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No Deaf Ears

Declan Kelly

When you go to Austin, Texas, and you land at the airport, it says ‘Welcome to Austin, Texas, the Live Music Capital of the World.’ And while they may claim that, I think Melbourne would certainly challenge it because it’s seven nights a week here, and it has been for years. —Dan Luscombe, musician

Returning to Melbourne after a year travelling abroad in 2004, I was seduced all over again by the city and those in it. The sense of purpose and place that my peers held, the quiet and unassuming way in which so many talented people conducted themselves and the endless waves of sound that were emanating across so many styles. Musician Evelyn Morris says: ‘It’s a really rare set of circumstances that has happened because of all the different people involved, both now and in the past. It’s a fascinating, intricate chemistry. I don’t know that it’s entirely unique but it’s rare.’

I wanted to explore this ‘chemistry’ and investigate our musical community; its wealth of talented musicians and producers and the labels that back them; the huge number of venues ranging in size, atmosphere and intent which mean nearly all styles have a home. And, most importantly, a willing public whose desire for music borders on the insatiable.

Since the late 1960s, Melbourne has always had a strong rock and independent music scene. From the Loved Ones to bands such as the Birthday Party in the late seventies, the tradition carried on through groups such as Severed Heads and The Models in the eighties and The Meanies and Magic Dirt in the nineties. The live scene showed stoic resistance with campaigns such as Fair Go 4 Live Music, launched when institutions such as the Empress and Bar Open in Fitzroy and the Town Hall Hotel in North Melbourne were threatened in 2003. Melbourne bucked the revolt against live music, staving off the residents, developers and poker machines that quashed band venues in other Australian cities.

In 2009, independent rock, pop and folk music in Melbourne is as healthy as ever. In much the same way that groups such as The Triffids and the Go Betweens evoked the desolate space of Western Australia and the cloistering sugar cane belts of Queensland respectively, Melbourne outfits Kes Band, The Drones, Fabulous Diamonds and Eddy Current Suppression Ring have pushed a distinctly southern sound. Dan Luscombe puts it this way:

There’s a definite stylistic sound that comes out of here. When I listen to Rowland S. Howard’s album Teenage Snuff Film, something in the sonic quality of the songs reminds me of this city. His music sounded exactly like the place that he was in … I love the Kes Band too; Karl [Kes] is such an enigma and so unique in his approach. They [Kes] could only really be an Australian band.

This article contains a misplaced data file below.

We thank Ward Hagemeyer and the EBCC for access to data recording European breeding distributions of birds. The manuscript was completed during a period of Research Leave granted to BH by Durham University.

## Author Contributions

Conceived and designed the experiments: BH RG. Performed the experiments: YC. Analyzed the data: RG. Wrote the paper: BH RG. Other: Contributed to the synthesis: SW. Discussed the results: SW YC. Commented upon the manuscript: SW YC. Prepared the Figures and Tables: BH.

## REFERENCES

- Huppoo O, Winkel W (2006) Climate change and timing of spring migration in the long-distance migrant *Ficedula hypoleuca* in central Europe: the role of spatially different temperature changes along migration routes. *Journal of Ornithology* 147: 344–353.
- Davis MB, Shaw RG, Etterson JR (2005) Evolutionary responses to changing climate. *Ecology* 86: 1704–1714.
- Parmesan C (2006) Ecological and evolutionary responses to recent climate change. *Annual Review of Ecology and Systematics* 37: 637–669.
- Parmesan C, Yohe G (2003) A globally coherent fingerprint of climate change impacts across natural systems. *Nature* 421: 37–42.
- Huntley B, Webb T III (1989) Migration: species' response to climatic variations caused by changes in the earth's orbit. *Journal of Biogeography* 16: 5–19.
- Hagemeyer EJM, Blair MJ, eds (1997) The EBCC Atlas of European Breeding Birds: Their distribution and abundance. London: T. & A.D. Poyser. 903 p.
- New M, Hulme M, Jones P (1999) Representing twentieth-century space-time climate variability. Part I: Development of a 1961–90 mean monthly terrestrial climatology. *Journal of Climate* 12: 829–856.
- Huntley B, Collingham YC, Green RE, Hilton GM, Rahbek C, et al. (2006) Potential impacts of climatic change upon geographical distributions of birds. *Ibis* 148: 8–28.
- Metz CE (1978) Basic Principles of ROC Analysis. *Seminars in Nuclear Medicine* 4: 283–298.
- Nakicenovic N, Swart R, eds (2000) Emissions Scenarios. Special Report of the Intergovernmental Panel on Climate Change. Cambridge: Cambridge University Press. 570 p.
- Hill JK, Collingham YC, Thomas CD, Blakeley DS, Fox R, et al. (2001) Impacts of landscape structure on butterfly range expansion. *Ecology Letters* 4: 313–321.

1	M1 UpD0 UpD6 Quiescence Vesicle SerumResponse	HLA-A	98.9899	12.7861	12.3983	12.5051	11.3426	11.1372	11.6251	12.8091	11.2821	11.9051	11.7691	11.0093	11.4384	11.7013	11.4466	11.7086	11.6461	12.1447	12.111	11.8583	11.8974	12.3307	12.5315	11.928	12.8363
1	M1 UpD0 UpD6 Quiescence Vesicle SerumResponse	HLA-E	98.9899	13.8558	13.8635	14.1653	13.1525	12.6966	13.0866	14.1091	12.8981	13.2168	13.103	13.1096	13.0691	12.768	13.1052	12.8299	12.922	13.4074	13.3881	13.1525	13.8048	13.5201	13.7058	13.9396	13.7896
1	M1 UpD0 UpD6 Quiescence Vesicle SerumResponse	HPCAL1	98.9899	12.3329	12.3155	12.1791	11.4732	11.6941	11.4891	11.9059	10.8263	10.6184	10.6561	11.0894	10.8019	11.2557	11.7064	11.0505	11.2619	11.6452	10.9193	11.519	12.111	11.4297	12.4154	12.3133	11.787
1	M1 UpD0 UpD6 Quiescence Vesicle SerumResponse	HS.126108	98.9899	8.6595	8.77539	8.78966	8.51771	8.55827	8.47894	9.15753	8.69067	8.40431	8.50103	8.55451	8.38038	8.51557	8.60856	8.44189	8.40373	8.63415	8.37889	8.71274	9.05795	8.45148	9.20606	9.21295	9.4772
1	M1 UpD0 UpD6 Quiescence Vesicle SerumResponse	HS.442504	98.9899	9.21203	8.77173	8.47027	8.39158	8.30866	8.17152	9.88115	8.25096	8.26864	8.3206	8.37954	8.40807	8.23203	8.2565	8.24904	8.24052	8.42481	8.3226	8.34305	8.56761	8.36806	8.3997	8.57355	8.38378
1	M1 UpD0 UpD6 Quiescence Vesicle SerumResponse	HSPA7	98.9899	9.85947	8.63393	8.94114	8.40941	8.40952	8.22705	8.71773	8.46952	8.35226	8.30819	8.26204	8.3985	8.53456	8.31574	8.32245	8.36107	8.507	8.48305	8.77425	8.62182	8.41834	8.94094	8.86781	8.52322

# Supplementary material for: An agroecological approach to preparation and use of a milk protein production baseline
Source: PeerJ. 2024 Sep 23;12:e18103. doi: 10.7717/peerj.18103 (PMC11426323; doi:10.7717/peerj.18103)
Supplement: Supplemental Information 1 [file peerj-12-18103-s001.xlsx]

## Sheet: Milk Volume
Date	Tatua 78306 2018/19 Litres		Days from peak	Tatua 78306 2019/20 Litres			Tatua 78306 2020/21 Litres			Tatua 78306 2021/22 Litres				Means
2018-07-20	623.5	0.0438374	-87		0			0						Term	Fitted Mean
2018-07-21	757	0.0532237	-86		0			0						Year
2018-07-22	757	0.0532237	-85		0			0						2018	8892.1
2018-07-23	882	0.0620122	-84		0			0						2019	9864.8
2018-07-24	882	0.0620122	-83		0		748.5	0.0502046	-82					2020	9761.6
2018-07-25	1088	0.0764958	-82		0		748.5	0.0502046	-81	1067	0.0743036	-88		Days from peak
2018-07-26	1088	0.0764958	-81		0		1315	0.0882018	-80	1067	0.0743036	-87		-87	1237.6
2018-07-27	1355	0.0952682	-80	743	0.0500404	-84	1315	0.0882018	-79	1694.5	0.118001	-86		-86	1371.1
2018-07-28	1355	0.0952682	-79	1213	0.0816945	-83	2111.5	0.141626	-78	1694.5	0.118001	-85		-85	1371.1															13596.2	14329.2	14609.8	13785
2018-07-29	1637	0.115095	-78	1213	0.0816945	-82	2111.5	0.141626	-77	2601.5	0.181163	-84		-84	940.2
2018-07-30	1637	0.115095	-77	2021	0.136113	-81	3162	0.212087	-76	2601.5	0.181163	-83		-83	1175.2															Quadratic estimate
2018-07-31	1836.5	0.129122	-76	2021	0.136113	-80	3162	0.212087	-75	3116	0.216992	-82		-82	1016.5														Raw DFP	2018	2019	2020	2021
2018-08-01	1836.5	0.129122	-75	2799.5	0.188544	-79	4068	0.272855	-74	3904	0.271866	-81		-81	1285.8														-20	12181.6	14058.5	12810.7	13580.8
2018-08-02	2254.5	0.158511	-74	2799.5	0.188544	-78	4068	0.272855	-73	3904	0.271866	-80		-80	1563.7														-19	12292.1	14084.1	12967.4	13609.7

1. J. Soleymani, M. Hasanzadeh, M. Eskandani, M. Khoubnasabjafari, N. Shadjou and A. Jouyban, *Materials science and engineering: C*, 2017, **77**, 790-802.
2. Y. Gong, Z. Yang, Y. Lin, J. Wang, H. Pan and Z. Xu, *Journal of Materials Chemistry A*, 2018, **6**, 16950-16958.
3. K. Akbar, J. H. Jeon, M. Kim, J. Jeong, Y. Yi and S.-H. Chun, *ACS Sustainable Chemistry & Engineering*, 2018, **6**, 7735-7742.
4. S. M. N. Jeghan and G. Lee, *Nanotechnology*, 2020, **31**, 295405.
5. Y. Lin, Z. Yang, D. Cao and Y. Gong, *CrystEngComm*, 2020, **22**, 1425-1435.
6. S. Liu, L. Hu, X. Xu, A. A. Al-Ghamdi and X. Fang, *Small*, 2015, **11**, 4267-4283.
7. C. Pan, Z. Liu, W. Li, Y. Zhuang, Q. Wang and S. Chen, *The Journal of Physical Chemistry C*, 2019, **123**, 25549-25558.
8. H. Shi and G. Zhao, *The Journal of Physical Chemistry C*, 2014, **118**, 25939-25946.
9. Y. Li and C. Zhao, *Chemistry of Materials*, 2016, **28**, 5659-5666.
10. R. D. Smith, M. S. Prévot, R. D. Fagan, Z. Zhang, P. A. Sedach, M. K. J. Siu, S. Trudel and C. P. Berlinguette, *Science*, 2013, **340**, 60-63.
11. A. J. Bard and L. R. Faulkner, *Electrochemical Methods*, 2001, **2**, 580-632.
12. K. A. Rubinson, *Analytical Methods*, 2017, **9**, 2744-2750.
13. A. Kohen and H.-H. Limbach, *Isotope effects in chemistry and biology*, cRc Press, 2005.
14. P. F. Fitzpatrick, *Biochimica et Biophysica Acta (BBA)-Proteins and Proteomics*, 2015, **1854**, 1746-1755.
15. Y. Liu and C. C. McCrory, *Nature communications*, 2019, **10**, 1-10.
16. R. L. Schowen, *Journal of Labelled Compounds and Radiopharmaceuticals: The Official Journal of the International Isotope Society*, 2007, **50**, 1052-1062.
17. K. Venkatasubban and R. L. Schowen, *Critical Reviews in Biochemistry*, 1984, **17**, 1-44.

Across the city, there is a wealth of small to medium-capacity venues for bands to cut their teeth in, as well as larger venues for more established groups. The people who book these venues are open to music, to furthering the cause and to developing the scene.

In different corners of the city, a robust dance and electronic music nightlife developed in the eighties and nineties. A world-renowned graffiti culture fed into the vibrant hip-hop scene. Music for music fiends, the eternal beat diggers mentality of hip-hop served to introduce crowds to the sounds of funk, soul, disco, electro, boogie, rock and other strains of music that hip-hop sampled. Clubs such as Razor, Purveyors and Cocoa Butter led the way until the house, jungle and rave scenes bloomed in the early nineties. By the end of the decade, Melbourne was a key stop for techno, drum and bass and house pioneers from around the world. The scenes were diverse, and multiple events held on the same night would often attract solid crowds. Melbourne was home to some of our country’s most revered DJs—Phil Ransom, Dexter, Kano and J’Nett—all fastidious collectors of music whose enthusiasm was matched by their ability. They were (and continue to be) dance floor educators who did away with divisions of style and contextualised all that was good about music in a single set. Paris Kozaris, aka DJ PAZ, remembers:

Ransom and J’Nett had a huge influence on a Melbourne sound that was growing; they were in our community doing things that not a lot of people had the nerve to do. People stuck to their hip-hop roots or they stuck to this or that, they didn’t realise that all music was relevant. Having J’Nett and Ransom at the forefront has really meant a lot for Melbourne. They knew how to draw out the elements in these disparate sounds.